704
UNIT 4
Maintenance of the Body
19
constricts under sympathetic control, venous volume is re-
duced and blood is pushed toward the heart.
All three of these functional adaptations increase venous return,
which increases stroke volume (by the Frank-Starling mecha-
nism) and therefore increases cardiac output.
Maintaining Blood Pressure
List and explain the factors that influence blood pressure,
and describe how blood pressure is regulated.
Define hypertension. Describe its manifestations and
consequences.
Maintaining a steady flow of blood from the heart to the toes is
vital for organs to function properly. But making sure a person
jumping out of bed in the morning does not keel over from in-
adequate blood flow to the brain requires the finely tuned coop-
eration of the heart, blood vessels, and kidneys—all supervised
by the brain.
Central among the homeostatic mechanisms that regulate
cardiovascular dynamics are those that maintain blood pres-
sure, principally
cardiac output
,
peripheral resistance
, and
blood
volume
. If we rearrange the formula pertaining to blood flow
presented on p. 702, we can see how cardiac output (blood flow
of the entire circulation) and peripheral resistance relate to
blood pressure:
F
5
Δ
P/R
or
CO
5
Δ
P/R
or
Δ
P
5
CO
3
R
Clearly, blood pressure varies
directly
with CO and
R
. Addition-
ally, blood pressure varies directly with blood volume because
CO depends on blood volume (the heart can’t pump out what
doesn’t enter its chambers).
So in theory, a change (increase or decrease) in any of these
variables would cause a corresponding change in blood pres-
sure. However, what
really
happens in the body is that changes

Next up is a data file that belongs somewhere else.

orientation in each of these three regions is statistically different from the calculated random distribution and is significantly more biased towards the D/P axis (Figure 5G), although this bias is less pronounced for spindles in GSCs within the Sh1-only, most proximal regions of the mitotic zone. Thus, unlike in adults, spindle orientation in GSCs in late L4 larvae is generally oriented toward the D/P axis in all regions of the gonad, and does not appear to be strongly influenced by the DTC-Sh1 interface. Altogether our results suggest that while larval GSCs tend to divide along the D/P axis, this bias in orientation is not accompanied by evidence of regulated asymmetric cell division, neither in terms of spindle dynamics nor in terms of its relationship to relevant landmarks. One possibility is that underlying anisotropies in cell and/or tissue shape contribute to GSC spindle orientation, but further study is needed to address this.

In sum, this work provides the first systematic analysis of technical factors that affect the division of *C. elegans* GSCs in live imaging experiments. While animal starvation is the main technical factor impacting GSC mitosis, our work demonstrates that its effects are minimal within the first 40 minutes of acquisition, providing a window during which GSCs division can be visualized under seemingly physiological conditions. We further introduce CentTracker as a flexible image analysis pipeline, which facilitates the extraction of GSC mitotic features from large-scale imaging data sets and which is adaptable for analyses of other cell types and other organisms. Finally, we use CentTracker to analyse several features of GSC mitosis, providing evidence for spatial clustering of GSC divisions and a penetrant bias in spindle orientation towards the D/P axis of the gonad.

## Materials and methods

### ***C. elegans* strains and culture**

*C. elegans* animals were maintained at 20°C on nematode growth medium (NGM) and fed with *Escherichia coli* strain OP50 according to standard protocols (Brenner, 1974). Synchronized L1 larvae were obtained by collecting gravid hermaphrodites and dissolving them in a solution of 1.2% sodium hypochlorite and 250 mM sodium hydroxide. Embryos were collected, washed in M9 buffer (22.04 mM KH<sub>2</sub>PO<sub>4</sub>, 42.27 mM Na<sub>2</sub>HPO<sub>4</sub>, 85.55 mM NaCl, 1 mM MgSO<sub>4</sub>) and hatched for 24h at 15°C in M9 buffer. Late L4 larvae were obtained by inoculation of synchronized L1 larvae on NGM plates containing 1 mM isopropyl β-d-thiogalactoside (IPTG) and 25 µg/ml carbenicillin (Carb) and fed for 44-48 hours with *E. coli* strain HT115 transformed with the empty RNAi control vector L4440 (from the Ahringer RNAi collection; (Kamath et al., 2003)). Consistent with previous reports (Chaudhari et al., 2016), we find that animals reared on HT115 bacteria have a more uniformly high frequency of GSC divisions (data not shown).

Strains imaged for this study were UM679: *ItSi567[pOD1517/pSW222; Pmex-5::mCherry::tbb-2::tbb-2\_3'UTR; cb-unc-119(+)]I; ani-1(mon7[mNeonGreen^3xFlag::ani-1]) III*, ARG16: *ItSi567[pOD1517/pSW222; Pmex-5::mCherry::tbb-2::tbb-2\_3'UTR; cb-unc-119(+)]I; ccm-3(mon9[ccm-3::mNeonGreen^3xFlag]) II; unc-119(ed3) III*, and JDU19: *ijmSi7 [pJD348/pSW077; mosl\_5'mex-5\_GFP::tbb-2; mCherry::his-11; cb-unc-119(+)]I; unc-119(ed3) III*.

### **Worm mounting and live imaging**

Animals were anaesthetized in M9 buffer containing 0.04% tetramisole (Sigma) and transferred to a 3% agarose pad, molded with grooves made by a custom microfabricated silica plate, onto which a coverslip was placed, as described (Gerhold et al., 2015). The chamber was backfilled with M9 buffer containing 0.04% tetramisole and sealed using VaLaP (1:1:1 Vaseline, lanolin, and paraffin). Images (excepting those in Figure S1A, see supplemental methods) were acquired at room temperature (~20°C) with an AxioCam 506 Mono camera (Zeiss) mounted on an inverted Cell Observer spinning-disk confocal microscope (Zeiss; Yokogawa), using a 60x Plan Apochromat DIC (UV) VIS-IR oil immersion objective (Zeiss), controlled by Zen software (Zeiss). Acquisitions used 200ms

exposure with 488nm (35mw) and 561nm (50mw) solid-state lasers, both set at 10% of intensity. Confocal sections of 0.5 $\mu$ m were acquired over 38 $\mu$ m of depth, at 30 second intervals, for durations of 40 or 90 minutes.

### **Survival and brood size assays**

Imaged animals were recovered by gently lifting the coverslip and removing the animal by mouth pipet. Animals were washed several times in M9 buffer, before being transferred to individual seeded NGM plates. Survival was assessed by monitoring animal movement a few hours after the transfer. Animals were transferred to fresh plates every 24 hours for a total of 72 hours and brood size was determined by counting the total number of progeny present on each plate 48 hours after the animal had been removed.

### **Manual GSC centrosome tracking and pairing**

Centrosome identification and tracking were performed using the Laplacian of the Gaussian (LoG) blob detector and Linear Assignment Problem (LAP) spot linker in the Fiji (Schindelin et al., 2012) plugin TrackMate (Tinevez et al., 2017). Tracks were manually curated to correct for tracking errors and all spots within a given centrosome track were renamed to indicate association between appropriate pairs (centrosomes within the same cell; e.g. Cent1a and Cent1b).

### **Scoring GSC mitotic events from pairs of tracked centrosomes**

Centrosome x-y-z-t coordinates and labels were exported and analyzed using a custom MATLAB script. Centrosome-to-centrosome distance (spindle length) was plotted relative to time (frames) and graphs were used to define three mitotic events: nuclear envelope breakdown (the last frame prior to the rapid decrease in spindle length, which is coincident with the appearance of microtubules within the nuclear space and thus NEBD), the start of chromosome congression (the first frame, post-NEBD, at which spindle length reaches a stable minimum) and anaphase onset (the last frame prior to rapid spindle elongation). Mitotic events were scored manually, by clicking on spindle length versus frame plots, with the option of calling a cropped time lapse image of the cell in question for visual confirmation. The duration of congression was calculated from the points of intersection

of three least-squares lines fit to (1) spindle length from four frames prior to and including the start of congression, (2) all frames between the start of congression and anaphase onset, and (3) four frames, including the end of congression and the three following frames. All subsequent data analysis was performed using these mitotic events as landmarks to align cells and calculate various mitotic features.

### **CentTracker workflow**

in one variable that threaten blood pressure homeostasis are
quickly compensated for by changes in the other variables.
As we described in Chapter 18, CO is equal to
stroke volume
(ml/beat) times
heart rate
(beats/min), and normal CO is 5.0 to 5.5
L/min.
Figure 19.8
shows the main factors determining cardiac
output—venous return and the neural and hormonal controls.
Remember that the cardioinhibitory center in the medulla is “in
charge” of heart rate most of the time and, via the parasympathetic
vagus nerves, maintains the
resting heart rate
. During “resting” pe-
riods, venous return (end diastolic volume) largely controls stroke
volume. During stress, the cardioacceleratory center takes over,
activating the sympathetic nervous system and increasing both
heart rate (by acting on the SA node) and stroke volume (by en-
hancing cardiac muscle contractility, which decreases end systolic
volume). Te enhanced CO, in turn, increases MAP.
In the following discussion we explore factors that regulate
blood pressure.
Short-term regulation
by the nervous system
and bloodborne hormones alters blood pressure by changing
peripheral resistance and CO.
Long-term regulation
alters blood
volume via the kidneys. Figure 19.11 (p. 709) summarizes the
influence of nearly all of the important factors.
Despite the structural modifications of veins (large lumens
and valves), venous pressure is normally too low to promote
adequate venous return. For this reason, three functional adap-
tations are critically important to venous return:
The muscular pump.
Te
muscular pump
consists of skeletal
muscle activity. As the skeletal muscles surrounding the deep
veins contract and relax, they “milk” blood toward the heart,
and once blood passes each successive valve, it cannot flow
back
(Figure 19.7)
. People who earn their living in “stand-
ing professions,” such as hairdressers and dentists, o±en have
swollen ankles because blood pools in their feet and legs.
Indeed, standing for prolonged periods may cause fainting
because skeletal muscle inactivity reduces venous return.
The respiratory pump.
Te
respiratory pump
moves blood
up toward the heart as pressure changes in the ventral body
cavity during breathing. As we inhale, abdominal pressure
increases, squeezing local veins and forcing blood toward the
heart. At the same time, the pressure in the chest decreases,
allowing thoracic veins to expand and speeding blood entry
into the right atrium.
Sympathetic venoconstriction.
Sympathetic venoconstric-
tion reduces the volume of blood in the veins—the capaci-
tance vessels. As the layer of smooth muscle around the veins
Venous valve
(open)
Contracted
skeletal
muscle
Venous valve
(closed)
Vein
Direction of
blood flow
Figure 19.7
The muscular pump.
When contracting skeletal
muscles press against a vein, they force open the valves proximal
to the area of contraction and blood is propelled toward the heart.
Backflowing blood closes the valves distal to the area of contraction.
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